Descarga (literally discharge in Spanish) is an improvised jam session consisting of variations on Cuban music themes, mainly son montuno, but also guajira, bolero, guaracha and rumba. The genre is heavily influenced by jazz and was developed in Havana in the 1950s.
Now let’s move on to Dr. Cruz “Salsa Meets Jazz, Part II: ¡A Descargar!”:
Before Salsa Meets Jazz officially became a series, Village Gate hosted a download session that was recorded live and released in three volumes entitled Download the village gate. According to the famous disc jockey Symphony Sid (whose name was Sid Torin), the 1966 Descargas at the Village Gate project began with a phone call from Morris Levi, president of Tico Records. Tico was the company that hosted the most prominent Spanish-speaking musicians in the Caribbean in New York in the 1950s and 1960s. “Let’s set up a Latin session to end all the unloading,” Sid told Levi, and all it took for the proposal to succeed was a rough answer at the other end of the line. “Crazy!” said Levi. Levi then called the other Morris, Morris Perlman, or Pancho Crystal, “Call Tito Puente, Eddie Palmier, and Joe Cuba.” Soon after, a small army of movers and shakers went on a crazy journey to descarga. “Se Fueron a la Lucha” is what Rivera Monge, Puerto Rico’s main horse-racing narrator, would have said if he had witnessed the event.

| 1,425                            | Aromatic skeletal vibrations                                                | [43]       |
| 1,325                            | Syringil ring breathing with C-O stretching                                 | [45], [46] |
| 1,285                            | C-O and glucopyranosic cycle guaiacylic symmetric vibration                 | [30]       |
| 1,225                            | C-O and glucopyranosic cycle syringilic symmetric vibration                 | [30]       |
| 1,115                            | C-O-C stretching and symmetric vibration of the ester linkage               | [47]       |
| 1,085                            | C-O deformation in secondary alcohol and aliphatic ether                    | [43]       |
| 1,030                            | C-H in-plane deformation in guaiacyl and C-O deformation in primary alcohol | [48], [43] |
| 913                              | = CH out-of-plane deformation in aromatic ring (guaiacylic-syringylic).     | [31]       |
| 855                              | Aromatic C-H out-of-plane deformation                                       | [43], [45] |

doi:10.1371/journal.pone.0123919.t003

Read more about the emergence of Tico Records here.
Here’s the first excerpt from it downloads albums:
I’m always surprised when I see the lineup. This is who is who of Latin music!